• prohibit an abuser from continuing threats and abuse;
  • order an abuser out of a shared home or residence;
  • order an abuser out of that home while they are using drugs or alcohol;
  • order an abuser to stay away from you and other persons protected by the order and keep abuser from your work, school, or other specific locations;
  • prohibit an abuser from taking or hiding children, give you temporary custody, or require the abuser to bring the child to court;
  • require an abuser to attend counseling;
  • require an abuser to turn weapons over to local law enforcement; and/or
  • prohibit an abuser from other actions.

How do I obtain an Order of Protection?

To obtain an Order of Protection, you should ask your attorney to file in civil court or in a criminal prosecution.  If you are already going through an existing divorce or family court proceeding with the abuser, you may file it in that proceeding.  The divorce and family law attorneys at The Law Offices of Robert F. Kramer, Ltd. are experienced in helping clients in need of Orders of Protection obtain the legal remedies they need to protect themselves and their family members.

If you do not have an attorney, you can go to your local circuit court clerk’s office and get the necessary forms to seek an Order of Protection for yourself, or you may contact a domestic violence program for help completing the necessary forms.

What is Domestic Violence?

What is Domestic Violence?

Any person who commits an act of abuse against another family member or household member has broken Illinois domestic violence law.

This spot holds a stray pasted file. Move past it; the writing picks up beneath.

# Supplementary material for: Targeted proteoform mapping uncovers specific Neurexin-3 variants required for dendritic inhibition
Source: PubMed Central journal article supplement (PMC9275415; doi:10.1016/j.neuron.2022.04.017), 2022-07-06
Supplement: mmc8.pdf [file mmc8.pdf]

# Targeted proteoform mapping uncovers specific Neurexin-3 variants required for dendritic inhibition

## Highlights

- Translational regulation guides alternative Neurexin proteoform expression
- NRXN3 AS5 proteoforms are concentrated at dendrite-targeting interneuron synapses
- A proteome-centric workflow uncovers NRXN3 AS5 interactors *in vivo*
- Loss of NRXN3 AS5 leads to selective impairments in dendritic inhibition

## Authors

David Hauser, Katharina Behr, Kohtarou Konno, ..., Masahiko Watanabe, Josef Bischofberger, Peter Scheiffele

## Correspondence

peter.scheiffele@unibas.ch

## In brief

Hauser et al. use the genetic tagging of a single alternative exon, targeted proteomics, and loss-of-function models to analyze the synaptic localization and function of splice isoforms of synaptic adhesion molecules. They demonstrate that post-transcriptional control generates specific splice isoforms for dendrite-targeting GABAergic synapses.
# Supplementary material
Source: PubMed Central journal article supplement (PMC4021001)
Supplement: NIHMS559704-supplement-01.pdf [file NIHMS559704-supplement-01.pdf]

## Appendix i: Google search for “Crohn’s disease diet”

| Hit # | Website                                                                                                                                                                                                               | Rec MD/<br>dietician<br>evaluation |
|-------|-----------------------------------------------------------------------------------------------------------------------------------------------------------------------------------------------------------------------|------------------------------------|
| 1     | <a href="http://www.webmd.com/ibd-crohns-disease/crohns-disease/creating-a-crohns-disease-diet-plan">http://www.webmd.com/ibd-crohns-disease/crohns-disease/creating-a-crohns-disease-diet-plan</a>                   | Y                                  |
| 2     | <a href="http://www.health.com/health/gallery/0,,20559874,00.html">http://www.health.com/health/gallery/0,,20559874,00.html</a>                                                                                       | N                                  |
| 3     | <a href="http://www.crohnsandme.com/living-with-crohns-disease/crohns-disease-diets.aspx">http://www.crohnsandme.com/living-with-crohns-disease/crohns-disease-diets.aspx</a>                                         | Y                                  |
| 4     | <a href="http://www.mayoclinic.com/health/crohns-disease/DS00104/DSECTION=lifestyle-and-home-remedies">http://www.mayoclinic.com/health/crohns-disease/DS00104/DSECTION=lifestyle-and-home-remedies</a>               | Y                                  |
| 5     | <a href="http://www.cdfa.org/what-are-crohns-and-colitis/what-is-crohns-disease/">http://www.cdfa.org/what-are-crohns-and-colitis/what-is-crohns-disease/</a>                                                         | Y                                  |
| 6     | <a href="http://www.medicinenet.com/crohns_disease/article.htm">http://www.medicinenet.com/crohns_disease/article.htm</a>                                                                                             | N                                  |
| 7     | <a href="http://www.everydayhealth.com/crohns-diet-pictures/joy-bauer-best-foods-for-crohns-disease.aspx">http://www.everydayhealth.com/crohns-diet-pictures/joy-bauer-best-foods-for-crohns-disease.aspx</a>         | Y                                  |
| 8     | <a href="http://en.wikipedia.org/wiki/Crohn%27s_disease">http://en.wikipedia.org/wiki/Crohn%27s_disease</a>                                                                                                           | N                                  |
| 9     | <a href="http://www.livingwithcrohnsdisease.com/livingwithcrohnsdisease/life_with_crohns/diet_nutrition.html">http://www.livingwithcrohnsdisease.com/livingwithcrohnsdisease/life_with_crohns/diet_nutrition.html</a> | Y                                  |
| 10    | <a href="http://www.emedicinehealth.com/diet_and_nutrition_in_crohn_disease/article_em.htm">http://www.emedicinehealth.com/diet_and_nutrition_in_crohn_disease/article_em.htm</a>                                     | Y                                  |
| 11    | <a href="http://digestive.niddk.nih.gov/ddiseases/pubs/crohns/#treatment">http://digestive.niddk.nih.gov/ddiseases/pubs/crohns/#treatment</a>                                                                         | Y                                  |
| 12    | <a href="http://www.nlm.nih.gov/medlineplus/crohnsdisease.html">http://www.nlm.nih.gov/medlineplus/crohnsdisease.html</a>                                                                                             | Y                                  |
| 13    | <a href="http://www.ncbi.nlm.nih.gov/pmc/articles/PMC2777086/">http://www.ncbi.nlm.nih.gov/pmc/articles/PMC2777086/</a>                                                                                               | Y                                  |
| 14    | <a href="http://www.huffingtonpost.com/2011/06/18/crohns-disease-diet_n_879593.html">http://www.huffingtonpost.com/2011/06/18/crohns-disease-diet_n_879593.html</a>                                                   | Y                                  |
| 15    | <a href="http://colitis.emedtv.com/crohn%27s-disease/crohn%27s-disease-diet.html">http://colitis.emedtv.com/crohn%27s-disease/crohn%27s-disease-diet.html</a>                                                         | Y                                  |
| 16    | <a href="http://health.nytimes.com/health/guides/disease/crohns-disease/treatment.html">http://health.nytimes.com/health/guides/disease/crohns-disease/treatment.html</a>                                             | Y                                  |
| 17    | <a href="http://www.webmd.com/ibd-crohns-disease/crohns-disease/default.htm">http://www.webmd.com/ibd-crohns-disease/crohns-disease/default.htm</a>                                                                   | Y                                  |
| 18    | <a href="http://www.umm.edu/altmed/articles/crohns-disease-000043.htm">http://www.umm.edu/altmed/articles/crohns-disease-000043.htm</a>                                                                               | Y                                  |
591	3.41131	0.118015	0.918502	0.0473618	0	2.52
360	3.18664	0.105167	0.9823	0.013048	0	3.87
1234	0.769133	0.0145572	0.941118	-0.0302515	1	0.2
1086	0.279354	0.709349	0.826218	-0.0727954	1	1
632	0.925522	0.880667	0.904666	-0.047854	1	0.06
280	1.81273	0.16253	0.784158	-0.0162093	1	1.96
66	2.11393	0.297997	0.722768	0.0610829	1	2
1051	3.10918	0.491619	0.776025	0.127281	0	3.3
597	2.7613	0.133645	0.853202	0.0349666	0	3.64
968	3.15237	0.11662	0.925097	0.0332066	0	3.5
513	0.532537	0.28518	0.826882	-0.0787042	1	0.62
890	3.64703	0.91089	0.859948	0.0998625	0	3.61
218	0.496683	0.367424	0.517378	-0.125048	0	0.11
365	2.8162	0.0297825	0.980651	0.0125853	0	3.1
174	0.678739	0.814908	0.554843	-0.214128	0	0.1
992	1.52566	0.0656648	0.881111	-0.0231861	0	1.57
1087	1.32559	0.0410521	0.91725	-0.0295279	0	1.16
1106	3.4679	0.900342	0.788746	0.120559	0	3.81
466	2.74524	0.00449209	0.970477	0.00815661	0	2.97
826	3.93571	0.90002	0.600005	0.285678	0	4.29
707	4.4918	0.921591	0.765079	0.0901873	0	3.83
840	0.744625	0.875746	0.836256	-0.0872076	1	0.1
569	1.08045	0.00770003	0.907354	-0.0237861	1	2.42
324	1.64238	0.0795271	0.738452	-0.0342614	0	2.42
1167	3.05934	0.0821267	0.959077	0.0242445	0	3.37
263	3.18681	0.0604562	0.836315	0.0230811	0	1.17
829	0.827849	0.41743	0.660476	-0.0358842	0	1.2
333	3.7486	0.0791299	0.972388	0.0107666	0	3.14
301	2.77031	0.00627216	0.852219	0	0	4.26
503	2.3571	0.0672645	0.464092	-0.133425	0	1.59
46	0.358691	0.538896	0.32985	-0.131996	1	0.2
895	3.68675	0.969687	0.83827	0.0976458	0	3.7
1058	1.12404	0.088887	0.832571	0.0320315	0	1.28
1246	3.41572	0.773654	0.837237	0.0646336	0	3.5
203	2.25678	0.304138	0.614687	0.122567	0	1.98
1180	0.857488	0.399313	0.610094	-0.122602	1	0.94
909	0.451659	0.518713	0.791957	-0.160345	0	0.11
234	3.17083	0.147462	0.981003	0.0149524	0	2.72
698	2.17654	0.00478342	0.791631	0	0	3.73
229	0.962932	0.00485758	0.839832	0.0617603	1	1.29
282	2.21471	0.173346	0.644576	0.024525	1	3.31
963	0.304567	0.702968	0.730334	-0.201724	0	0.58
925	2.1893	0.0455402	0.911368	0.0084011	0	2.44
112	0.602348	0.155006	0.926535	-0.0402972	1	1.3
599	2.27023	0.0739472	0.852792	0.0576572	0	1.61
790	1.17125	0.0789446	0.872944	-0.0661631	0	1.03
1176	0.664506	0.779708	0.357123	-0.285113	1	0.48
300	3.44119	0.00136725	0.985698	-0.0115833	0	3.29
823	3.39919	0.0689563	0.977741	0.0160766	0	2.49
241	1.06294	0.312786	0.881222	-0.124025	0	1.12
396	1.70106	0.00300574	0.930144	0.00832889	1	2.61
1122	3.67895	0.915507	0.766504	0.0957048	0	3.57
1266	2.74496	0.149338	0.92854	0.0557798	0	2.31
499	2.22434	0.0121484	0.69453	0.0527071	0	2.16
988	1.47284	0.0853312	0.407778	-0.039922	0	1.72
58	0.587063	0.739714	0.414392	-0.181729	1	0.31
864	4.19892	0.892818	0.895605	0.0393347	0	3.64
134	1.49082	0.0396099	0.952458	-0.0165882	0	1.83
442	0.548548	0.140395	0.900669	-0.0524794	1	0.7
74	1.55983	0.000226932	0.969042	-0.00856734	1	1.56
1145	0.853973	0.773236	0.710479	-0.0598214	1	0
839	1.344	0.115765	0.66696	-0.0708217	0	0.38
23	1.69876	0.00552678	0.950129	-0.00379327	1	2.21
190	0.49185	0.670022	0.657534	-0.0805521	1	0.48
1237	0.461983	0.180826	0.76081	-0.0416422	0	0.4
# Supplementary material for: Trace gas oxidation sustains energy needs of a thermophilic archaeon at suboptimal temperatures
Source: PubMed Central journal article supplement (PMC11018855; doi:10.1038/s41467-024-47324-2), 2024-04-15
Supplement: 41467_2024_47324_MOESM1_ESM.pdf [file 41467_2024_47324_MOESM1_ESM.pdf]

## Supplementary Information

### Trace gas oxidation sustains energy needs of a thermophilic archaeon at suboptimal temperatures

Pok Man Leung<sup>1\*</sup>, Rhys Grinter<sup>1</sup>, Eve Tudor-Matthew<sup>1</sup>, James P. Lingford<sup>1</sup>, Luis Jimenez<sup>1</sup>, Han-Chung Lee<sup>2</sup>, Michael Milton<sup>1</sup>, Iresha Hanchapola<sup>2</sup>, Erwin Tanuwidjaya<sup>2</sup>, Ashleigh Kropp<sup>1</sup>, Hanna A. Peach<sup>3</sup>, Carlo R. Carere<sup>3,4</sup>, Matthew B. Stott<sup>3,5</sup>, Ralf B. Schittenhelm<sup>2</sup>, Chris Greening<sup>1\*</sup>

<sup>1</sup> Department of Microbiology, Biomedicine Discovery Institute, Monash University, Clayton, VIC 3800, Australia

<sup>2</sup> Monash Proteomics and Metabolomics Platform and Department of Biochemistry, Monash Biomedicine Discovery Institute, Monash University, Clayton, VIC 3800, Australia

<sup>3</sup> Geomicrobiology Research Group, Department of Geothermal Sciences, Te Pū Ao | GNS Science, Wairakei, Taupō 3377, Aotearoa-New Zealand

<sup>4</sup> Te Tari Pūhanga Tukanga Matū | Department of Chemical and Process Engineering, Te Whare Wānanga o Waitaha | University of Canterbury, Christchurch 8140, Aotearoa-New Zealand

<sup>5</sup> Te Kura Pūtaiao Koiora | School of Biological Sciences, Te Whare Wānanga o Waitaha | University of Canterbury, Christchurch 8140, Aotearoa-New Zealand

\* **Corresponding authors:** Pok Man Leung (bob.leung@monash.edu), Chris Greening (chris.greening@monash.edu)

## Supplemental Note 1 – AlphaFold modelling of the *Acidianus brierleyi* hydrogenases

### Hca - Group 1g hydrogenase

How are family or household members defined?  Under Illinois law, family or household members are defined as:

  • family members related by blood or marriage;
  • people who are married or used to be married;
  • people who share or used to share a home, apartment, or other dwelling;
  • people who have or say they have a child in common;
  • people who have or say they have a blood relationship through a child;
  • people who are dating or used to date, including same sex couples; and
  • people with disabilities and their personal assistants.


What is an act of abuse?  An act of abuse in Illinois includes:

  • physical abuse (such as pushing, hitting, forced sex);
  • harassment (such as creating a disturbance at your job, repeatedly telephoning, following or watching you, preventing you from seeing your child, threatening to hurt you);
  • interference with personal liberty (such as not allowing you to leave);
  • making a child or other person watch abuse; and
  • denying a disabled person access to needed care.

Domestic violence is a serious issue and assistance may be obtained from law enforcement, domestic violence programs, court personnel and family law attorneys. The divorce and family law attorneys at The Law Offices of Robert F. Kramer, Ltd., are experienced in helping clients who have been victims of domestic violence obtain the legal remedies they need to protect themselves and their family members.